..In former ages, he that was rich in knowledge was called a wise man, but now there is no man wise, but he that hath wit to gather wealth, and it is a hard matter in this Age, for a man to rayse himselfe by honest principles, yet we doe all seeke to climbe, but not by Iacobs Ladder, & we are still de|sirous to mount, but not by the Chariot of Elyas.

Vertue hath but a few that doe fauour her, but they bee fewer by a great many in number that are desirous to fol|low her.

But is not this an honest Age, when ougly vice doth beare the name of seemly vertue, when Drunkennes is called Good fellowship, Murther reputed for Manhoode, Lechery, is called Honest loue, Impudency, Good audacitie, Pride they say is Decen|cy, and wretched Misery, they call Good Husbandry, Hypocri|sie, they call Sinceritie, and Flattery, doth beare the name of Eloquence, Truth, and Veritie, and that which our predeces|sors

would call flat Knauery, passeth now by the name of wit and policy.


We doe not fashion our selues so much by reason, as wee doe by example, for custome and example are arguments good enough to make vs to follow any fashion.

We are become like Labans Sheepe, led by the eye, we con|ceiue but of what we do see: .and the vulgare seeing nothing but apparances, maketh iudgement onely by that which is subiect to the sight

To bee vertuous, why it is a Capitall crime, and there is nothing more dangerous then to be securely innocent.

Our auncients sought for the true effectes of vertue, and we onely but hunt after a vayne popular prayse.

(snip - this side idolatry)

The holy scriptures haue denounced a curse no lesse grie|uous to the Idole-maker, then to the Idole it selfe: now (vnder the correction of Diuinitie) I would but demaund, what are these Puppet-making Taylers, that are euery day inuenting of newe fashions, and what are these, that they doe call At|tyre-makers, the first inuenters of these monstrous Periwygs, and the finders out of many other like immodest Attyres: what are these, and all the rest of these Fashion Mongers, the inuenters of vanities, that are euery day whetting their wits to finde out those Gaudes, that are not onely offensiue vnto God, but many wayes preiudiciall to the whole Common wealth: if you will not acknowledge these to be Idolemakers yet you cannot deny them to be the Deuils enginers, vngodly instruments, to decke and ornifie such men and women, as may well be reputed to be but Idolles, for they haue eyes, but they see not into the wayes of their owne saluation, & they haue eares, but they cannot heare the Iudgements of God, denounced against them for their pride and vanitie.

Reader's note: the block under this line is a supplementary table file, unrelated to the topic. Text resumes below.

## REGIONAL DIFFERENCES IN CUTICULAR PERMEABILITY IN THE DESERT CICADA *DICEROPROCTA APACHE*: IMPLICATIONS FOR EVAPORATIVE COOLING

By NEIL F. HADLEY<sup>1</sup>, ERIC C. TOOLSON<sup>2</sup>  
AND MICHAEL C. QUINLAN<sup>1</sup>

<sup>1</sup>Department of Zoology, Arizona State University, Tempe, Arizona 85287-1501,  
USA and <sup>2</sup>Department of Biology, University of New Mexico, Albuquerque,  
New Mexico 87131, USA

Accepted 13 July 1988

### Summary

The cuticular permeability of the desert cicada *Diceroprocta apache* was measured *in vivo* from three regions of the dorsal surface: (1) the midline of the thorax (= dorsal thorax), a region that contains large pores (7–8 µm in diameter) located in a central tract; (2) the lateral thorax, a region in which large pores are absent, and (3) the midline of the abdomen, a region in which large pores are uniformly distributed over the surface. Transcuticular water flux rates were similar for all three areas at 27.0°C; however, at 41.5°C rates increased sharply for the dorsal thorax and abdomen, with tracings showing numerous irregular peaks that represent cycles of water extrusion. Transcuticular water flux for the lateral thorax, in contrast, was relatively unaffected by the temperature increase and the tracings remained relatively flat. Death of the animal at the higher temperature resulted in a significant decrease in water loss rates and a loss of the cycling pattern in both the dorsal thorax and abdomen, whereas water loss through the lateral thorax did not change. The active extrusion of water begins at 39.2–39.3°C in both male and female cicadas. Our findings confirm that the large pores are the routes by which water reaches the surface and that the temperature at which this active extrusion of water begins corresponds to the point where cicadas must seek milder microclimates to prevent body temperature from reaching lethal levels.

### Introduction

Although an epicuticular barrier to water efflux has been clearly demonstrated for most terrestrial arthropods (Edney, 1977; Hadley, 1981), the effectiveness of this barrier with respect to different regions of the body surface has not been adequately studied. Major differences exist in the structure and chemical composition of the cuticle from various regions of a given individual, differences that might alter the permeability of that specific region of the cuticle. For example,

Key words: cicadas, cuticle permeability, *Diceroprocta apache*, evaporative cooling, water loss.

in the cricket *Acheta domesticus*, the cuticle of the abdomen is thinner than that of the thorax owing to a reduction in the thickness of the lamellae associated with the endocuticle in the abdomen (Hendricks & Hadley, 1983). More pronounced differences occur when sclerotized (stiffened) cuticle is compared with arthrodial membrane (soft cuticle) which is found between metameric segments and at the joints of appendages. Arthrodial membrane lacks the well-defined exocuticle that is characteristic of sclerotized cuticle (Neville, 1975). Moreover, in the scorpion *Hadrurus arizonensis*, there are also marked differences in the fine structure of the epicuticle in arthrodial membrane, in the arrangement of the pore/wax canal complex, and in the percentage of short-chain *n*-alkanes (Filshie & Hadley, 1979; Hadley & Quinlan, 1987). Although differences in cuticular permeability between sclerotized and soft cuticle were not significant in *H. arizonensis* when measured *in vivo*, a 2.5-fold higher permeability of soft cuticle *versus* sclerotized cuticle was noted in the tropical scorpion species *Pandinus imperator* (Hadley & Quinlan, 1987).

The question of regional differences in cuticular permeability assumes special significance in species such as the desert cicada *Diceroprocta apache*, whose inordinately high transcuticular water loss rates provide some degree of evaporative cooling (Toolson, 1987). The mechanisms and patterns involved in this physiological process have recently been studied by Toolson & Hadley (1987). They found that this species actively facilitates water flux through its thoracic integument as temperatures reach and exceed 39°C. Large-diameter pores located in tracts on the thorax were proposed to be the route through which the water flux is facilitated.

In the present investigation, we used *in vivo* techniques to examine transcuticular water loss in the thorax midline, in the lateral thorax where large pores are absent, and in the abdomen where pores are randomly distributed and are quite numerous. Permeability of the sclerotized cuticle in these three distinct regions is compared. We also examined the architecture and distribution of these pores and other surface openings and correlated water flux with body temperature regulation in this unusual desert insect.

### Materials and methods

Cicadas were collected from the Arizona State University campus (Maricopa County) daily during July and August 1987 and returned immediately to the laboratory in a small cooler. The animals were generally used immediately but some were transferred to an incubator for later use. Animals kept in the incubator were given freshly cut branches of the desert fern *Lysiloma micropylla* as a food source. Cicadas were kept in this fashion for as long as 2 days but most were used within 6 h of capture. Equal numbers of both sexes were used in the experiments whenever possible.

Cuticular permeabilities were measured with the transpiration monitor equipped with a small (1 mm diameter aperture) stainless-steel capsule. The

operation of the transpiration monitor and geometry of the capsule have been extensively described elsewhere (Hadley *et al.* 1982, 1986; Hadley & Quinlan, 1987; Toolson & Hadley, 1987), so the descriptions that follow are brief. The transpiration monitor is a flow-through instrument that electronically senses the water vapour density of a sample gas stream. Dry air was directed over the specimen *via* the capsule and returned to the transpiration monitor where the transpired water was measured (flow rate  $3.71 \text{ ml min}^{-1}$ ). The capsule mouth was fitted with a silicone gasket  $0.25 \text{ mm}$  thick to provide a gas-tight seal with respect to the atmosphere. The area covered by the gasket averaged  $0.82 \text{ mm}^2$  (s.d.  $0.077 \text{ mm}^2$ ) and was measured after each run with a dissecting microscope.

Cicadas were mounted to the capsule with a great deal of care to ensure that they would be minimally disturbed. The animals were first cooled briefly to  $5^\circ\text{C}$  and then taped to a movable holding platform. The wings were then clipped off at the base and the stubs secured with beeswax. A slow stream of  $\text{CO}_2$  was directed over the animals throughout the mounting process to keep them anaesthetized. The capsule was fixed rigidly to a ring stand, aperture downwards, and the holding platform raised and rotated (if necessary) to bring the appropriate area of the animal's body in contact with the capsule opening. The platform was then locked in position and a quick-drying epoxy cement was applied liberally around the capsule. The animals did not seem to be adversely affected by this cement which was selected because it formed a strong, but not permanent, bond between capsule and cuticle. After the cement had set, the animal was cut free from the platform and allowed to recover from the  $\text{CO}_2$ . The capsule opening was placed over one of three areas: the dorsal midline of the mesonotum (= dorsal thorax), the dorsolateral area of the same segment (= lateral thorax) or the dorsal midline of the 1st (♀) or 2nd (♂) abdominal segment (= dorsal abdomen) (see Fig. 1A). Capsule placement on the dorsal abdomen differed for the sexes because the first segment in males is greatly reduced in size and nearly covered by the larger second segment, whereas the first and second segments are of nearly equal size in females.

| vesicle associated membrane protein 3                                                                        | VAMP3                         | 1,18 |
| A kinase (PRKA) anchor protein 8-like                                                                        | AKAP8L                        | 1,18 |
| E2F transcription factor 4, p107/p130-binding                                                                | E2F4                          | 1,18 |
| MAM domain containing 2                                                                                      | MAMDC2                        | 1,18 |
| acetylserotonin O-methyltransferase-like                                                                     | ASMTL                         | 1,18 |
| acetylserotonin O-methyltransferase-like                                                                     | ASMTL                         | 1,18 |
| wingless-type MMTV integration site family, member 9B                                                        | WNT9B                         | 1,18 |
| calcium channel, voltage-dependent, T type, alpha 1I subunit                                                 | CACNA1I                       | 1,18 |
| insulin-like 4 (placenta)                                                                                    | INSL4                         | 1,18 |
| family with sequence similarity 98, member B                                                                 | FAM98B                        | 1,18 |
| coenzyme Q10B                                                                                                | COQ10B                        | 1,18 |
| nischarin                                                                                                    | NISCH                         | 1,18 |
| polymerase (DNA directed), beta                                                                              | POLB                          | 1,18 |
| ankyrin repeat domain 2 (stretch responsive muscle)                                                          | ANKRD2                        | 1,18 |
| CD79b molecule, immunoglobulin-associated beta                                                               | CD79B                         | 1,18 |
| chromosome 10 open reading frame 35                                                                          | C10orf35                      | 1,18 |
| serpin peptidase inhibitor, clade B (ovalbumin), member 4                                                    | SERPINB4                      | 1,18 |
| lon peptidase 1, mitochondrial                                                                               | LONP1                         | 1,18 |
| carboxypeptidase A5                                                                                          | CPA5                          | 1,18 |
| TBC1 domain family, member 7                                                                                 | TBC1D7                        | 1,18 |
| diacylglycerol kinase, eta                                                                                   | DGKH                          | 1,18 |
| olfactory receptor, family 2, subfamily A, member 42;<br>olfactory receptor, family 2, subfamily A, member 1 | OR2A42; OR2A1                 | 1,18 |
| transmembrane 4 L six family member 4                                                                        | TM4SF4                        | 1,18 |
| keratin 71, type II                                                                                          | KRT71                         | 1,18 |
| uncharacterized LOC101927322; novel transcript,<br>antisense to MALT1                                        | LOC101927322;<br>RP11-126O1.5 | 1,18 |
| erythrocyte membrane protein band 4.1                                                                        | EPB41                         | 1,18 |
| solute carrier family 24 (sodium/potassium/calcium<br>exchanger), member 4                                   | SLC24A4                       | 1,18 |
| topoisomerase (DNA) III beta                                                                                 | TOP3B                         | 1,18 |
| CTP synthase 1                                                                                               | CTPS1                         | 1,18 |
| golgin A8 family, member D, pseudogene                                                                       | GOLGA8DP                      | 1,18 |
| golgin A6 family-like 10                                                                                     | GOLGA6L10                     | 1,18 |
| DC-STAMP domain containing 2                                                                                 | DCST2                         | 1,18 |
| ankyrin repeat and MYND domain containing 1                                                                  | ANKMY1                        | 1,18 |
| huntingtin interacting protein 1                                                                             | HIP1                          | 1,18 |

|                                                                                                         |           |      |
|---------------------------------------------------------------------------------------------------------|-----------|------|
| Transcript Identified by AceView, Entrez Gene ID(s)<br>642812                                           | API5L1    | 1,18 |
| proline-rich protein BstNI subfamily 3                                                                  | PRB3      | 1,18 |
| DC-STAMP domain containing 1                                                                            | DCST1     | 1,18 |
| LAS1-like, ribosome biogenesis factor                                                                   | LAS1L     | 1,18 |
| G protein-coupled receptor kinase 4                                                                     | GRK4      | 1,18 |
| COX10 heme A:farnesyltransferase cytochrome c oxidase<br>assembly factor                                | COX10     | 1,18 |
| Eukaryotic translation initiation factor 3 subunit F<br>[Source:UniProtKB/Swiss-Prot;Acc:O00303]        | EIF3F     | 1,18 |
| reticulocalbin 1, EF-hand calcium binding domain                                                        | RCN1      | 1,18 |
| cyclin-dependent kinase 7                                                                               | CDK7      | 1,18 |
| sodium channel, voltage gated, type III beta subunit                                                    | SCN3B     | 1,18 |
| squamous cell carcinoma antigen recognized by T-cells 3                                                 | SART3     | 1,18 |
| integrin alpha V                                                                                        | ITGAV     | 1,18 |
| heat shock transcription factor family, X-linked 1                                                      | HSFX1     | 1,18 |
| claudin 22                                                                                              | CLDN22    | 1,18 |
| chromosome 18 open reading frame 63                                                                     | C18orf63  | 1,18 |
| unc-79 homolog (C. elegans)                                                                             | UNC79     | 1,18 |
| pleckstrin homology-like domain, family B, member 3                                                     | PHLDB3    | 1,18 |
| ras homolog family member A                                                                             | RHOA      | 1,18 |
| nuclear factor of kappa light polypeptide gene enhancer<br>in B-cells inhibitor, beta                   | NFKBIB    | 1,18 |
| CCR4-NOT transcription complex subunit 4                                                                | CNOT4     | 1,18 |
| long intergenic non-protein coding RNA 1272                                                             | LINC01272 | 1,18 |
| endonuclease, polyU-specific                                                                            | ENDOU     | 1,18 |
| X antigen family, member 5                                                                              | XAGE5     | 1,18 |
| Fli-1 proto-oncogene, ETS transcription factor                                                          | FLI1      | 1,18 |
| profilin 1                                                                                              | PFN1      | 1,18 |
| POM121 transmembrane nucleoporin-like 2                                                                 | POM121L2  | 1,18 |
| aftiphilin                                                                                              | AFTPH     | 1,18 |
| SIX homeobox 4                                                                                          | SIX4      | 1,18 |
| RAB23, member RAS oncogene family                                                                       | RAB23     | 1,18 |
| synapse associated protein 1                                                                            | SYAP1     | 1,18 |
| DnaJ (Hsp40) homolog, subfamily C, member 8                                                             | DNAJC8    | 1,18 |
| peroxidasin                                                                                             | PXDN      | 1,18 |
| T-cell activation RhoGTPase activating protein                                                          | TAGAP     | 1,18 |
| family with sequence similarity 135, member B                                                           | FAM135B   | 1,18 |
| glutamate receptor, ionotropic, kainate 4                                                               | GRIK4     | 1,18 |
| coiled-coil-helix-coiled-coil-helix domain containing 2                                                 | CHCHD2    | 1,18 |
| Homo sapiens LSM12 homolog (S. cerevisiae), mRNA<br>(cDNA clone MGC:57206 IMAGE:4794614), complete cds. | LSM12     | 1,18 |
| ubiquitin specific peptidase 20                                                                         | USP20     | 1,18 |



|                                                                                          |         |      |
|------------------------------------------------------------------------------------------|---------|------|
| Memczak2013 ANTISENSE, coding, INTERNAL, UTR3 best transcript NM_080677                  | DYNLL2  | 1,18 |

These Enginers of mischiefe, that like Moles doe lye and wrot in sinne, till they haue cast vppe a mount of hatefull en|ormitie against Heauen, they may well be called, the Souldi|ers of the Deuill, that will fight against the mightie hand of God.


And are not our gentlemen in as dangerous a plight now

(I meane these Apes of Fancy) that doe looke so like Attyre|makers maydes, that for the dainty decking vp of themselues, might sit in any Seamsters shop in all the Exchange. Me thinkes a looking glasse should be a dangerous thing for one of them to view himselfe in, for falling in loue with his owne lookes, as Narcissus did with his owne shadow.


Desert, may now goe to Cart, and he that cannot ruffell it out in silkes, will hardly gette passage in at a great mans gate.

Hee that is thought to bee poore, is neuer thought to bee wise, nor fit to haue the managing of any matter of impor|tance, all is well accepted that is spoken by authoritie, but truth it selfe is not beleeued, if it proceede from the mouth of pouertie.

By this contempt of pouertie, vice hath beene aduanced, and sithens riches haue thus crept into credite, the worlde is rather growne to giue way to the humour of a rich Foole, then to followe the direction of a poore wiseman.